While Iraq topped the list of countries where killings of journalists go unscathed, Pakistan showed a modest improvement with the conviction of six men for the assassination of Wali Khan Babar.
CPJ’s (Committee to Protect Journalists) 2014 Global Impunity Index, referring to Wali Khan Babr’s case, noted that Pakistan has shown improvement with regard to punishing the culprits responsible for slaying journalist and moved to 9th place on Impunity Index Rating, where it had ranked 8th last year.
The report highlighted that despite six people being convicted in the case, justice is far from complete as two convicts are still at large and mastermind of the killing is yet to be identified. The report also mentions that during the trial, five more people linked to the case were also murdered including witnesses, informants, and investigators.
The conviction seems to have had scant impact on those who are targeting the media in Pakistan. Three staffers of Express Media group were killed in January, while analyst and anchor of Express News show “Khabar Se Agay” Raza Rumi, came under a gun attack in Lahore on March 28, 2014, in which his driver, Mustafa, was killed and his guard injured.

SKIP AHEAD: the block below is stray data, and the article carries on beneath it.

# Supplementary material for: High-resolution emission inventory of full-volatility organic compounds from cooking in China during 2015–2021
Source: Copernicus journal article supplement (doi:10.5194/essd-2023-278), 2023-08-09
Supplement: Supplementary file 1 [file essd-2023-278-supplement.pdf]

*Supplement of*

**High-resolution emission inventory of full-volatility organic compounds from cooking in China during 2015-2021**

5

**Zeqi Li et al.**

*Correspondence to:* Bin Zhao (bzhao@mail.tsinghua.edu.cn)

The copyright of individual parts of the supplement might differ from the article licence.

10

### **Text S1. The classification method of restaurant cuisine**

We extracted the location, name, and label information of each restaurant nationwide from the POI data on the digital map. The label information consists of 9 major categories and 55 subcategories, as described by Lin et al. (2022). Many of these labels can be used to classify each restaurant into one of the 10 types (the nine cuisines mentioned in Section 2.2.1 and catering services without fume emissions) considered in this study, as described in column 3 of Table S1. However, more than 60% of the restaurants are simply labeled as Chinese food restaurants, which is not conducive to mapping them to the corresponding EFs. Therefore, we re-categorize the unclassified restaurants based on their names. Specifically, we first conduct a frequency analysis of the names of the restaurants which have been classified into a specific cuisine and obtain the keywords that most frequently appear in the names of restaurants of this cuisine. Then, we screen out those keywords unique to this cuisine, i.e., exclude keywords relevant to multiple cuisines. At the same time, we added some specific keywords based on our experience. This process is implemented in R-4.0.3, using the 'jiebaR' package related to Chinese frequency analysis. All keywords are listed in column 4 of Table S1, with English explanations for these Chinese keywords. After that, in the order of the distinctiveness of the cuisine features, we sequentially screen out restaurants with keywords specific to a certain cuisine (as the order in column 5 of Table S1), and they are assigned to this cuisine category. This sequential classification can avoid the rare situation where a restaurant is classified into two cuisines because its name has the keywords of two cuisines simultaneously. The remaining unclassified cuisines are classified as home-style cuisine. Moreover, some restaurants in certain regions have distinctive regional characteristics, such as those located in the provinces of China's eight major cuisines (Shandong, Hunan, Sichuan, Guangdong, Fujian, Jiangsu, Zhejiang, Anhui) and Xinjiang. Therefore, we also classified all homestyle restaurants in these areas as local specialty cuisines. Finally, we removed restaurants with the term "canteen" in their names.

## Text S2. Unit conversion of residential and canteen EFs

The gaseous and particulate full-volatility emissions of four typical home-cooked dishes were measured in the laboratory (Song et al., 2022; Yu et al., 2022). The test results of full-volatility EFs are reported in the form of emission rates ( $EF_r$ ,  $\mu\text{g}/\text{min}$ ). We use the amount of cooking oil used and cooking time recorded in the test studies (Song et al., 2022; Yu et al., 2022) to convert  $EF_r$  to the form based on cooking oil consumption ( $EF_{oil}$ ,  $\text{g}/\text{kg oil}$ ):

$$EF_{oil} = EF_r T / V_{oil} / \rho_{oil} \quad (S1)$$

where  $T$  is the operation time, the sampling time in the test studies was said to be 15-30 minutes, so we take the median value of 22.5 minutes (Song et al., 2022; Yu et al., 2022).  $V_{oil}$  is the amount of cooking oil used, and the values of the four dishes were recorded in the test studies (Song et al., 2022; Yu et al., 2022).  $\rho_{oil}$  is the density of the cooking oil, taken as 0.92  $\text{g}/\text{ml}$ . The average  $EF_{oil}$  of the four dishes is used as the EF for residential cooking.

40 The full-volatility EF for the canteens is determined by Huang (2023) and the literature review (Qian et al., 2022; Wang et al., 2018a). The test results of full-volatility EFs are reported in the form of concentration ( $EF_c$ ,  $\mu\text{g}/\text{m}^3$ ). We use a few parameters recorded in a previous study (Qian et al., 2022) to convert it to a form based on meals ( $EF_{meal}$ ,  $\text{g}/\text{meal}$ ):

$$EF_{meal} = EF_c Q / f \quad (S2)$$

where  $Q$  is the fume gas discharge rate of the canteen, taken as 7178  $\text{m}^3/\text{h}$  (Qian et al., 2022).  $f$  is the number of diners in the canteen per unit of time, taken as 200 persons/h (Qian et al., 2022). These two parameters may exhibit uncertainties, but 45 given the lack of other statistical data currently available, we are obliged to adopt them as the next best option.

Separately, Express News bureau chief in Peshawar Jamshed Baghwan was targeted twice within the span of one month. First a bomb was found outside his house on March 21, while on April 7 a hand grenade was hurled at his residence in Peshawar. Perpetrators in all the attacks are yet to be apprehended.
The rate of unsolved journalist murders per million inhabitants in Pakistan has improved from 0.130 unsolved journalist murders per million inhabitants previous year to 0.123 this year.
Impunity high in conflict region
With 100 journalists murdered in the last decade and 100 per cent impunity, Iraq remains the worst offender on the Impunity Index, a spot it has held since 2008. The two year silence in fatal anti-press violence was broke with the nine new murders in late 2013. The rate of unsolved journalist murders per million inhabitants has increased from 2.818 to 3.067.
Somalia and Philippines have also retained their spots on the Impunity Index, second and third slots respectively. Somalia’s rating worsened for the sixth year in a row. Although the anti-press violence has moved slightly down from its record high in 2012, with four new murders in 2013, journalists continue to be targeted.
Battle hit Syria has joined the ranks of Iraq and Somalia for the first time this year. Syria has been dubbed as the most dangerous country for the journalists with more than 60 media persons been killed in the cross fire and unprecedented number of abductions. Now deliberate murders of journalists have made it a worst, at least seven journalists have been targeted in Syria since 2012, with all complete impunity. The perpetrators come from all sides—non-Syrian militant groups, rebels targeting pro-government media, and President Bashar al-Assad’s forces. Syria is placed fifth on the impunity index at the rate of 0.313 unsolved journalist murders per million inhabitants.